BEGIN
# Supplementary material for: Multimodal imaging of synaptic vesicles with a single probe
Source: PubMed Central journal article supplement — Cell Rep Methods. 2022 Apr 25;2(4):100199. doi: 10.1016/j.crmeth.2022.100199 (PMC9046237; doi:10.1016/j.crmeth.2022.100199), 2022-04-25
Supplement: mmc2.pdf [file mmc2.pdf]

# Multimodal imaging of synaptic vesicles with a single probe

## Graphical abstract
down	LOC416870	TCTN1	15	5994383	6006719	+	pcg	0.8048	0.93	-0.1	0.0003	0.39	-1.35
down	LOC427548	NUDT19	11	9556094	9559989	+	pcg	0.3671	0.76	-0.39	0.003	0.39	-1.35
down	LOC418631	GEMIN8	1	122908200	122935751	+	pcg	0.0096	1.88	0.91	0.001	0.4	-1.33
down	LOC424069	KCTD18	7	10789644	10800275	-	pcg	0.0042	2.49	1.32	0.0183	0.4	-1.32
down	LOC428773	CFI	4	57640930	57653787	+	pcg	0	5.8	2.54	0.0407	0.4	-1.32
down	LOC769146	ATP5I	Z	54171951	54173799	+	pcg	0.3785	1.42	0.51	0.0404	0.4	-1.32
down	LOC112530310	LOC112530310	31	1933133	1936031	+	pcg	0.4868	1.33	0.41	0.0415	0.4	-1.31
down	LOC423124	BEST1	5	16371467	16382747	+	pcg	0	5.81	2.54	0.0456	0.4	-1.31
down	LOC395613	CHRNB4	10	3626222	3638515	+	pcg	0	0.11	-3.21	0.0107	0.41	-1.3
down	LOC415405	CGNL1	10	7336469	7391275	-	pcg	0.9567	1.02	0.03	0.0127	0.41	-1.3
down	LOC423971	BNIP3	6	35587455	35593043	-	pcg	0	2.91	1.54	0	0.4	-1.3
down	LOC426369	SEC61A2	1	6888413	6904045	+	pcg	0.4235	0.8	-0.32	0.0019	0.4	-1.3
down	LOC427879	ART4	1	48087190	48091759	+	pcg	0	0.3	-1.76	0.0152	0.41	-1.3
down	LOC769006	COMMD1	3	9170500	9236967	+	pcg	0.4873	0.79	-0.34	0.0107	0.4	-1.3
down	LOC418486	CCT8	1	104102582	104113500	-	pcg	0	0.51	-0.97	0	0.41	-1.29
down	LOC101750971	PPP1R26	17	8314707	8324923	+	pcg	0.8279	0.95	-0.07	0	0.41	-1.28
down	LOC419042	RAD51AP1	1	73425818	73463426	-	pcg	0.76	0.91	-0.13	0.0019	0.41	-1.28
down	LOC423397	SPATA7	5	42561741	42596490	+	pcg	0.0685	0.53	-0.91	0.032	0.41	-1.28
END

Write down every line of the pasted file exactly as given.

# Supplementary material for: Multimodal imaging of synaptic vesicles with a single probe
Source: PubMed Central journal article supplement — Cell Rep Methods. 2022 Apr 25;2(4):100199. doi: 10.1016/j.crmeth.2022.100199 (PMC9046237; doi:10.1016/j.crmeth.2022.100199), 2022-04-25
Supplement: mmc2.pdf [file mmc2.pdf]

# Multimodal imaging of synaptic vesicles with a single probe

## Graphical abstract
down	LOC416870	TCTN1	15	5994383	6006719	+	pcg	0.8048	0.93	-0.1	0.0003	0.39	-1.35
down	LOC427548	NUDT19	11	9556094	9559989	+	pcg	0.3671	0.76	-0.39	0.003	0.39	-1.35
down	LOC418631	GEMIN8	1	122908200	122935751	+	pcg	0.0096	1.88	0.91	0.001	0.4	-1.33
down	LOC424069	KCTD18	7	10789644	10800275	-	pcg	0.0042	2.49	1.32	0.0183	0.4	-1.32
down	LOC428773	CFI	4	57640930	57653787	+	pcg	0	5.8	2.54	0.0407	0.4	-1.32
down	LOC769146	ATP5I	Z	54171951	54173799	+	pcg	0.3785	1.42	0.51	0.0404	0.4	-1.32
down	LOC112530310	LOC112530310	31	1933133	1936031	+	pcg	0.4868	1.33	0.41	0.0415	0.4	-1.31
down	LOC423124	BEST1	5	16371467	16382747	+	pcg	0	5.81	2.54	0.0456	0.4	-1.31
down	LOC395613	CHRNB4	10	3626222	3638515	+	pcg	0	0.11	-3.21	0.0107	0.41	-1.3
down	LOC415405	CGNL1	10	7336469	7391275	-	pcg	0.9567	1.02	0.03	0.0127	0.41	-1.3
down	LOC423971	BNIP3	6	35587455	35593043	-	pcg	0	2.91	1.54	0	0.4	-1.3
down	LOC426369	SEC61A2	1	6888413	6904045	+	pcg	0.4235	0.8	-0.32	0.0019	0.4	-1.3
down	LOC427879	ART4	1	48087190	48091759	+	pcg	0	0.3	-1.76	0.0152	0.41	-1.3
down	LOC769006	COMMD1	3	9170500	9236967	+	pcg	0.4873	0.79	-0.34	0.0107	0.4	-1.3
down	LOC418486	CCT8	1	104102582	104113500	-	pcg	0	0.51	-0.97	0	0.41	-1.29
down	LOC101750971	PPP1R26	17	8314707	8324923	+	pcg	0.8279	0.95	-0.07	0	0.41	-1.28
down	LOC419042	RAD51AP1	1	73425818	73463426	-	pcg	0.76	0.91	-0.13	0.0019	0.41	-1.28
down	LOC423397	SPATA7	5	42561741	42596490	+	pcg	0.0685	0.53	-0.91	0.032	0.41	-1.28